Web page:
Acne Vulgaris Yes, Diet Matters
Alan C. Logan, ND, FRSH
Almost one quarter of all child and teen visits to generalized naturopathic clinics are for skin conditions.1 Rising teen and adult acne rates, now described as a worldwide epidemic, increases the likelihood that naturopathic physicians will encounter acne in the clinical setting.2 Acne is not merely an aesthetic issue; the emotional consequences can subsequently influence how life unfolds. Patients have higher unemployment rates, and are more likely to experience clinical levels of depression and anxiety. The mental health impairment in acne is beyond that of most chronic medical conditions, including epilepsy and diabetes, and thoughts of suicide and suicide rates are higher.3-6 In short, the holistic significance of acne is enormous.
While the precise mechanisms of the acne process are not understood, the disease is characterized by the overproduction of sebum and follicular hyperkeratinization. Androgens and microbes such as P. acnes play a role in the process.7 More recently the focus has turned to the influence of inflammatory mediators and oxidative stress. The local burden of oxidative stress is such that it can diminish systemic antioxidant levels. Inflammation is now reported to be one of the earliest events, and perhaps the match which lights the candlewick of the acne cascade.8,9
Many patients encountered by naturopathic physicians have previously been told by dermatologists and other medical doctors, or read in popular magazines, that there is no relationship between diet and acne. In order to understand why this belief prevails, a brief discussion of the background research may be worthwhile.
Essentially, 40 years of dietary dogma rests on the shoulders of 2 small studies – notably authored by potentially biased investigators who had previously dismissed any diet-acne relationship.10,11 On the surface the studies indicated that chocolate does not promote acne. Yet, these examinations were so full of research design flaws that it is highly unlikely they would even be considered for publication today. Moving past the small size and limited duration, the lack of any control group in one of the studies, the massive flaw is that neither study recorded or provided instruction on the background diets. In other words, participants could have been eating and drinking literally anything during the evaluation period. The study with a control arm used a look-a-like chocolate bar as a placebo.10 The bars were identical except that the saturated fat from the cacao paste was replaced by several grams of hydrogenated, trans-fat. With no difference in acne provocation between the groups (saturated vs hydrogenated fat chocolate bars), the interpretation was that there is no relationship between chocolate and acne.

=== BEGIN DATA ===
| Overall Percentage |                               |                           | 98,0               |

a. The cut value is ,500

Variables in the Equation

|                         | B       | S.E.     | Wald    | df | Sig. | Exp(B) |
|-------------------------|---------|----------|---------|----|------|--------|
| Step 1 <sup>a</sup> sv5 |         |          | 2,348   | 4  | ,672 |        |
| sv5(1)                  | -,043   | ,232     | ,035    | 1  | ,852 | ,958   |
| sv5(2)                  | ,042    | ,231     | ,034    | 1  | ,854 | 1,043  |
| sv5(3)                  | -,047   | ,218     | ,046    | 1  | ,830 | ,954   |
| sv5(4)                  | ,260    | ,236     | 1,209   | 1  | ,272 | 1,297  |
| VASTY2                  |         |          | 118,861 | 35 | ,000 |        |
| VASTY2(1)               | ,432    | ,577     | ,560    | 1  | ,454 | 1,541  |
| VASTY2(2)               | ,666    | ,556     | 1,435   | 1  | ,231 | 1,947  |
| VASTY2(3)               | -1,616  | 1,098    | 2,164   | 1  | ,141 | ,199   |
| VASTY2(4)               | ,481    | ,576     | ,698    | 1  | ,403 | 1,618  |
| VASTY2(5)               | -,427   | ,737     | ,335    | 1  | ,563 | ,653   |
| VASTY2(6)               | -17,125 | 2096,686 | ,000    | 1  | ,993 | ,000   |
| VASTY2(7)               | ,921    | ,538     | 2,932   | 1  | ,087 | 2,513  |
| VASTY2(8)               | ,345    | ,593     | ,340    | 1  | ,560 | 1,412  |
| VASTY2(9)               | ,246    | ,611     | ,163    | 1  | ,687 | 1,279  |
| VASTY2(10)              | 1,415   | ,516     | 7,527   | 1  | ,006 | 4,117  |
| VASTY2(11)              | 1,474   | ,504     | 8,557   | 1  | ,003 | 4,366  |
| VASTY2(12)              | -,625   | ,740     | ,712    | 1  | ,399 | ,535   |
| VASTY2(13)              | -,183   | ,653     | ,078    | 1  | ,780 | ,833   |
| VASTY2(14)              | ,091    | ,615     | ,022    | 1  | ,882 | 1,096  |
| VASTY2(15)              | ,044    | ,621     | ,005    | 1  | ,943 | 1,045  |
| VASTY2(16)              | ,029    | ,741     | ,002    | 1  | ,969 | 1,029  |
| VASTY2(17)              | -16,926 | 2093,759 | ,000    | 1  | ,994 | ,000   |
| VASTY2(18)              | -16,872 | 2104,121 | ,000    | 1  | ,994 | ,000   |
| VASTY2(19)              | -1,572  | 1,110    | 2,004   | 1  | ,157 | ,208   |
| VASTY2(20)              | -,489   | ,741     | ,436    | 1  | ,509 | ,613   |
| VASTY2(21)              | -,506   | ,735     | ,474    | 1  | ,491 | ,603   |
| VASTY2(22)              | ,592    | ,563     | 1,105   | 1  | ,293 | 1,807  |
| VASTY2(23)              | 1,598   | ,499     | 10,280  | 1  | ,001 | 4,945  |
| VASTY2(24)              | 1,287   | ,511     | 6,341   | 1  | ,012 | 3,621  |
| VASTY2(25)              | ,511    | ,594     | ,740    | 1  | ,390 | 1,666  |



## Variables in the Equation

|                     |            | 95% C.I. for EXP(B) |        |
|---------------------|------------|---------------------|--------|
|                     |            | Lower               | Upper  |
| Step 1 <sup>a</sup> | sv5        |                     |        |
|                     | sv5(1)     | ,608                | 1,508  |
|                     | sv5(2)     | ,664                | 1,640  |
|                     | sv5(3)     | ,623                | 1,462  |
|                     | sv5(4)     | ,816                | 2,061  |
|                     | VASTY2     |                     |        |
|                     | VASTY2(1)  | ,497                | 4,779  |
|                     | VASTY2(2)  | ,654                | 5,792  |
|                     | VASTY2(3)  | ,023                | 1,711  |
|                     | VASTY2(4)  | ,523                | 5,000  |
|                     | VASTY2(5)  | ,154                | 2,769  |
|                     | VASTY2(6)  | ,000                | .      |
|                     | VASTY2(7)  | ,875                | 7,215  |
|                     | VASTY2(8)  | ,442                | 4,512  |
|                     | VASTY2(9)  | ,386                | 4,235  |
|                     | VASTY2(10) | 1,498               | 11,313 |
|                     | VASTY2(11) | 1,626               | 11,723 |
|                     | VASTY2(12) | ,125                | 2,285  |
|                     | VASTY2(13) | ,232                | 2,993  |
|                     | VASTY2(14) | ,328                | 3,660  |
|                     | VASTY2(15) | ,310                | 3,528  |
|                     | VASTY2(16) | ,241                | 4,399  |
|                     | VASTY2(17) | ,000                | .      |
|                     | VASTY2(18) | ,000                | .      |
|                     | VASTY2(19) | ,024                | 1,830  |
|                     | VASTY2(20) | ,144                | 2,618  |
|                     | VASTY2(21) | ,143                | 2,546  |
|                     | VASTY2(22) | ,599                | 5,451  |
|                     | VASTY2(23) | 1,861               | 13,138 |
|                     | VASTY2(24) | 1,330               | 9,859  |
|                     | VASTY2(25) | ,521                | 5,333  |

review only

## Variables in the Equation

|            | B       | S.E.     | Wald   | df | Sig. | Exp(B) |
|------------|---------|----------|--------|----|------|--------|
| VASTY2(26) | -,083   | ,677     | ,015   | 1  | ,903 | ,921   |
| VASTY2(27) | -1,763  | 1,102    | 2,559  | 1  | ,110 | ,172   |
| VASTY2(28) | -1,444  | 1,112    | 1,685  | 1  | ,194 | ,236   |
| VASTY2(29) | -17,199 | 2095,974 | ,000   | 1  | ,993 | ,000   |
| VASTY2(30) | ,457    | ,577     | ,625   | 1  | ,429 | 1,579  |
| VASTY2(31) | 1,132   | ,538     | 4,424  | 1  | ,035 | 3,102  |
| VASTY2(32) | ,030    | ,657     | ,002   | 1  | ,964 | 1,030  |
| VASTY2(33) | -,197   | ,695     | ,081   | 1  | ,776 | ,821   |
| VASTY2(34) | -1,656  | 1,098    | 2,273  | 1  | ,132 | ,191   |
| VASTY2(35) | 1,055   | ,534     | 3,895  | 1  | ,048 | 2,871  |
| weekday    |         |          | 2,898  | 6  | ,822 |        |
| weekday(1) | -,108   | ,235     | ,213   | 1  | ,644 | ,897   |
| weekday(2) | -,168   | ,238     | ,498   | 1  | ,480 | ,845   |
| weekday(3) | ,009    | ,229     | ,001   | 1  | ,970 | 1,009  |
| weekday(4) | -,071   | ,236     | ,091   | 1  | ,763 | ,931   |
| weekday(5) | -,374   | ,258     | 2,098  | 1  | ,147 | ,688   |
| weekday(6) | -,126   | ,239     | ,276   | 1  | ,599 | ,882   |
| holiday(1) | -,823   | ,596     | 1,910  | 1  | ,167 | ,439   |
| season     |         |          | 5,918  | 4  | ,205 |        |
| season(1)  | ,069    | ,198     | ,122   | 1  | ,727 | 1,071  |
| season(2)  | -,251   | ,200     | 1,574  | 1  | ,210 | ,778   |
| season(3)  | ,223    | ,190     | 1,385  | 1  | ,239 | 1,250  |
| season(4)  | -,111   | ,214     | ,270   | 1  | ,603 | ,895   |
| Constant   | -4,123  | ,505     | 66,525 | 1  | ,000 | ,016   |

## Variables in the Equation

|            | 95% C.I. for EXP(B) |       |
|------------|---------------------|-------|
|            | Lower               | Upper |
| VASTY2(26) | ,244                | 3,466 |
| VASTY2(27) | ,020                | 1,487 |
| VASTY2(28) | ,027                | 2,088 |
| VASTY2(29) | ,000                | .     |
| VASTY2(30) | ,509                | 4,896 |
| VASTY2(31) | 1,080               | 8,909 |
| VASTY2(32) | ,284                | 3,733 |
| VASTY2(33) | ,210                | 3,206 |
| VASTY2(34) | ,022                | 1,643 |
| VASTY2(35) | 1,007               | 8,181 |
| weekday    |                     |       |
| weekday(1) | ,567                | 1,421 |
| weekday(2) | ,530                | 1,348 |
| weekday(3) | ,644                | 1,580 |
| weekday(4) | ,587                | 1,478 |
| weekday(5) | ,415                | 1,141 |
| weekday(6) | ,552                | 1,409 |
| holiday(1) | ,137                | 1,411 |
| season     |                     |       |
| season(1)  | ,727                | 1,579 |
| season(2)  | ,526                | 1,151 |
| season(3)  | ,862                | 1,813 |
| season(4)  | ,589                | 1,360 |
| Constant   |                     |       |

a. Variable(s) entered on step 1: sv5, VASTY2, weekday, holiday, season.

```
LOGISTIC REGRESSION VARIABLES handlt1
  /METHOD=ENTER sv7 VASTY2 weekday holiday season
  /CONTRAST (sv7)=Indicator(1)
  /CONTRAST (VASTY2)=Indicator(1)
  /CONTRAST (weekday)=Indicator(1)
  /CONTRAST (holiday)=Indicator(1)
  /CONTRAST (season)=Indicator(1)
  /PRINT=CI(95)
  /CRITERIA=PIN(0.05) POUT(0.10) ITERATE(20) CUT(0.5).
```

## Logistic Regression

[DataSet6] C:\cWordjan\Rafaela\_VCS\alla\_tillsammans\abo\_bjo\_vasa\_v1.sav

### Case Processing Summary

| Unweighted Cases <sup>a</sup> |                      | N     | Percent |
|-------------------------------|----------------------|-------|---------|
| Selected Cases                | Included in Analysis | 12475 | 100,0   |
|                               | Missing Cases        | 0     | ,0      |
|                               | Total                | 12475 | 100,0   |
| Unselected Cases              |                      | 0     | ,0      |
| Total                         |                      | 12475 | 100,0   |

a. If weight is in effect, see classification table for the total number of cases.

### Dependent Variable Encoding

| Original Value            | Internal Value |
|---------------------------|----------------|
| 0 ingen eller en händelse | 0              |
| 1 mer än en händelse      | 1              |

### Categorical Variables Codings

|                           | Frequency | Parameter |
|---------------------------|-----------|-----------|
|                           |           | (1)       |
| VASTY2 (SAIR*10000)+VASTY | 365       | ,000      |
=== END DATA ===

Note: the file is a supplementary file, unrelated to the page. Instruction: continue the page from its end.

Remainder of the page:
Despite the vast limitations, these absurd studies became the seminal work on diet and acne; as years passed by, a myth was born – they became entrenched in dermatological teaching and textbooks. Extrapolation beyond chocolate ensured that generations of dermatologists were instructed that a relationship between acne and any food did not exist.12,13
Such was not always the case. Prior to the pharmaceutical explosion in the 1950s-1960s, dietary influences in the acne process were important components of dermatological teachings. The advice was generally to avoid an excess of simple carbohydrates – especially sugar-rich baked goods, candy, and soft drinks – as well as chocolate, nuts, peanut butter, animal fat, and fried food.14-16 It was also recommended that the intake of milk and milk products be curtailed.14 The diet of choice was one with “plenty of fresh fruit and green vegetables, lean meat, fish and poultry.”16
Emerging studies over the last 7 years have taken the wrecking ball to the dietary dogma. First, in 2002 researchers reported on the almost complete absence of acne in 2 hunter-gatherer communities – the Kitavans of Papua New Guinea and the Aché of Paraguay. Although tempting to write this off as a genetic anomaly, it was noted that despite sharing similar genetic profiles, members of the same ethnic groups living in relatively close geographic proximity (yet influenced by a Western diet and lifestyle) did experience significant acne. Researchers turned to diet, and although separated by some 10,000 miles, the primary dietary elements of these isolated communities were quite similar – high fiber, high omega-3 intake, a variety of dietary antioxidants, low sugar, low processed foods, and almost no dairy.17
The study of the Kitavans and Aché was strengthened by specific evaluations of acne lesions. The results supported more informal reports of very low rates of acne among the Inuit of the Canadian Northwest Territories, the Okinawa Islands of Japan and other communities where traditional diets had not yet been encroached upon by Western influences.18,19 However, one previous report using careful dermatological evaluations showed that the rates of acne in North America were double that of Japan. These findings from 1964 were simply dismissed as a matter of genetics. In the years since, the acne rates in Japan have risen dramatically, and are now virtually indistinguishable from North America.20,21